All hoofed animals are susceptible to fungal and bacterial infections of the hoof. Horses often suffer from mud fever, greasy heels, and thrush, while our cloven-hoofed friends – sheep, cattle, and goats – are all prone to hoof rot.
Whether you’re battling with an outbreak of hoof rot in goats or sheep, or wondering how to treat hoof rot in cattle, this article can give you some useful pointers.
Signs of Hoot Rot in Goats
It’s difficult to ignore a serious case of hoof rot – the stench alone should be enough to alert you to the problem. If you want to be sure that you’re dealing with a case of hoof rot, however, look for the following symptoms:
- The smell!
- Inflammation and pinkness between the two toes
- Separation of the wall from the rest of the foot
- The goat is limping or grazing on its knees
- The hoof is sensitive to the touch
If the hoof rot is particularly severe, pus will be visible between the two toes, and the affected animal may show signs of discomfort, be running a fever, and lose its appetite. In the most serious cases, the horn or walls of the hoof can become completely detached or they can be attached only at the coronet.
This can lead to secondary infections, abscesses, and flystrike, which, in turn, can cause septicemia or toxemia.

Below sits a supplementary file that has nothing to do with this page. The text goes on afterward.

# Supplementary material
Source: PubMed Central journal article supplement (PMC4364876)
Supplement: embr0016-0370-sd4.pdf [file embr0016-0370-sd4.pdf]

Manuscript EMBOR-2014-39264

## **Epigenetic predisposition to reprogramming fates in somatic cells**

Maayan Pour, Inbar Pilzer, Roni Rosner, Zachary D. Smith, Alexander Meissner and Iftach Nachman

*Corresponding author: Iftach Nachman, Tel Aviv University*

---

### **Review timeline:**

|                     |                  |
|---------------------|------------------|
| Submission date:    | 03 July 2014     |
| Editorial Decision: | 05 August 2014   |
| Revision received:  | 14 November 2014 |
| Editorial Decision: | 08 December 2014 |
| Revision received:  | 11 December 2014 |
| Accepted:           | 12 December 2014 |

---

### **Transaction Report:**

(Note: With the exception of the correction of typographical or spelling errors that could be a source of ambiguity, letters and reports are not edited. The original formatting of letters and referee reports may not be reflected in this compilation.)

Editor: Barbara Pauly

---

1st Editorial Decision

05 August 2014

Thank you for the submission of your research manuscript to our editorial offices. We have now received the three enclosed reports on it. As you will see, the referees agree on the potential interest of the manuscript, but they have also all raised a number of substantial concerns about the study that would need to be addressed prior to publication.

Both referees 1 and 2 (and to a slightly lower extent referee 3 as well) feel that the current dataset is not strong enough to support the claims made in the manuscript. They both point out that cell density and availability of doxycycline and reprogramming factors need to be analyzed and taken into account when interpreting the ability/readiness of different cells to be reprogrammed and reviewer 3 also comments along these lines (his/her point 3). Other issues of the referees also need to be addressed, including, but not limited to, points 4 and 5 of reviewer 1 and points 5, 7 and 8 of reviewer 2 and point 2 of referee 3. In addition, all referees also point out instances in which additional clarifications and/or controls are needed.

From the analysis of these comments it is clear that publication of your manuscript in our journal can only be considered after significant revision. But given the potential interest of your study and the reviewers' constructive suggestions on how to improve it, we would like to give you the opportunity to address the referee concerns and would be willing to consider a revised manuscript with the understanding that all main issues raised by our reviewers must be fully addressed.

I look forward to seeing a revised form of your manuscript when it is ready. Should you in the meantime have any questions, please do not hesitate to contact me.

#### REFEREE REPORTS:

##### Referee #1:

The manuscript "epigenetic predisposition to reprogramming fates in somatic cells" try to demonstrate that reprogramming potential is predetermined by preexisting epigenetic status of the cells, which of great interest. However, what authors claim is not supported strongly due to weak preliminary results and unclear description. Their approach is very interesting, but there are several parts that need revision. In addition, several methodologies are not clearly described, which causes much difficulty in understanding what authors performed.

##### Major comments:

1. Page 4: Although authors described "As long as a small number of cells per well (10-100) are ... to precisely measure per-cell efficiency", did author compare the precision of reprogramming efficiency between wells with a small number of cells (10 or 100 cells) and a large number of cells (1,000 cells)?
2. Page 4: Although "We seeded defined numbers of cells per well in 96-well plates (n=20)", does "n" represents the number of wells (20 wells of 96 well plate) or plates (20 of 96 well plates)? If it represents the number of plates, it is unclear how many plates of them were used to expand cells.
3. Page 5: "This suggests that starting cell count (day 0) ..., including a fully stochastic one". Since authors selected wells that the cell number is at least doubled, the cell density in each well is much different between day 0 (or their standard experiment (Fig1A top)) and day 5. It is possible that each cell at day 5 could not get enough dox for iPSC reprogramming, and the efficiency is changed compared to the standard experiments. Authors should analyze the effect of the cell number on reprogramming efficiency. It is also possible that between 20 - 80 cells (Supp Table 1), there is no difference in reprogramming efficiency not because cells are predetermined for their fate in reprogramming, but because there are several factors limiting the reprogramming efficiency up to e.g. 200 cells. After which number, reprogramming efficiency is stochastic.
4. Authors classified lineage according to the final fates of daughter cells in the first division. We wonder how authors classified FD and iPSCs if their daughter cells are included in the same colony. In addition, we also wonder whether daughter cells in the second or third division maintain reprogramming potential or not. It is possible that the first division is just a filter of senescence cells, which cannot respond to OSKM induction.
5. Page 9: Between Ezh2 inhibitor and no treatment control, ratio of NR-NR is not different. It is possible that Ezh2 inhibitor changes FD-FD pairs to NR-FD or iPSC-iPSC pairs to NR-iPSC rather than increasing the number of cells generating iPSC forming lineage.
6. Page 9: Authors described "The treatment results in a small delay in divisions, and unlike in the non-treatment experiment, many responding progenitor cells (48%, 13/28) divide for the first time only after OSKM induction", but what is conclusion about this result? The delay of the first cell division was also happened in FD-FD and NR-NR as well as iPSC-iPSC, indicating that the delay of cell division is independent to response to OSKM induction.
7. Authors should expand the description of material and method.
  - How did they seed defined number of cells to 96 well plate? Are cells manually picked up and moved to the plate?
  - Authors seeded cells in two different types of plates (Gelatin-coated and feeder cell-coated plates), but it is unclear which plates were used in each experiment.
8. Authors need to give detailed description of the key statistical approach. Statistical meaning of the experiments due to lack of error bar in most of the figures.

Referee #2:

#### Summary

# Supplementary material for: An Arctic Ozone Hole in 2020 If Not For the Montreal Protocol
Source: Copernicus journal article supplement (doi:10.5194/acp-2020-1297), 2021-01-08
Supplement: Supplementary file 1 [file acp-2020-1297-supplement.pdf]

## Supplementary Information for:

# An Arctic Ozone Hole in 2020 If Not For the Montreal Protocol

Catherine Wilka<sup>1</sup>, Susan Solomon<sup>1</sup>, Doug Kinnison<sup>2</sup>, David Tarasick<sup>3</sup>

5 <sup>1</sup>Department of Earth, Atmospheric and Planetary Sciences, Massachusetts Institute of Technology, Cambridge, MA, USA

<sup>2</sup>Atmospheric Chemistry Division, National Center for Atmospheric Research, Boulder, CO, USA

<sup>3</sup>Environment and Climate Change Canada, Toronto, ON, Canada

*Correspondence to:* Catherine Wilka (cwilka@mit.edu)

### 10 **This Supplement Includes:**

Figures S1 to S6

What Causes Hoof Rot?
Footrot is caused by two bacteria – Fusobacterium necrophorum and Dichelobacter nodosus.
Fusobacterium necrophorum is a common bacteria that is found all over the world. It is found in both soil and manure and “is a natural inhabitant of the large intestine of small ruminants.” This bacteria, alone, can’t cause hoof rot in goats, sheep, or any other ruminant – it needs the second bacteria, Dichelobacter nodosus, to do this.
Dichelobacter nodosus can only survive up to 14 days in the soil and “yet can survive in the hoof for extended time periods given the right anaerobic environment.”
Add a little interdigital irritation to the mix and you’ve created the perfect environment for foot rot. Hard or frozen surfaces can irritate the soft tissue in the goat’s hooves, as can mud and manure. Similarly, moving a herd from a muddy paddock to a very dry one can cause the skin between the toes to crack, giving the bacteria a chance to attack.
Is Hoof Rot in Goats Contagious?
Whether or not hoof rot is contagious seems to be something of a bone of contention. One article I read stated clearly at the start that “foot rot is defined as a contagious disease” but, a couple of sentences later declared, “Because foot rot can be caused by a ubiquitous bacterium, it is not considered contagious.”
Can Hoof Rot Be Cured?
While foot rot is curable, some strains are more stubborn than others. The benign form of hoof rot is relatively easy to treat, whereas the virulent strain is more challenging and could require you to quarantine your affected animals.
Effective treatment of foot rot requires a multi-faceted approach that can be both costly and time-consuming. Most farmers, homesteaders, vets, and other goat enthusiasts recommend prevention over cure.
How to Treat Hoof Rot in Goats
The first step is to identify the affected animals and separate them from the rest of the herd, ideally moving them onto a dry pasture or enclosure.
Once that’s complete, you can embark on your hoof rot treatment program. To being with, you need a clean hoof so you can see the extent of the infection. Then you can start trimming your goat’s hooves and cutting away any infected tissues.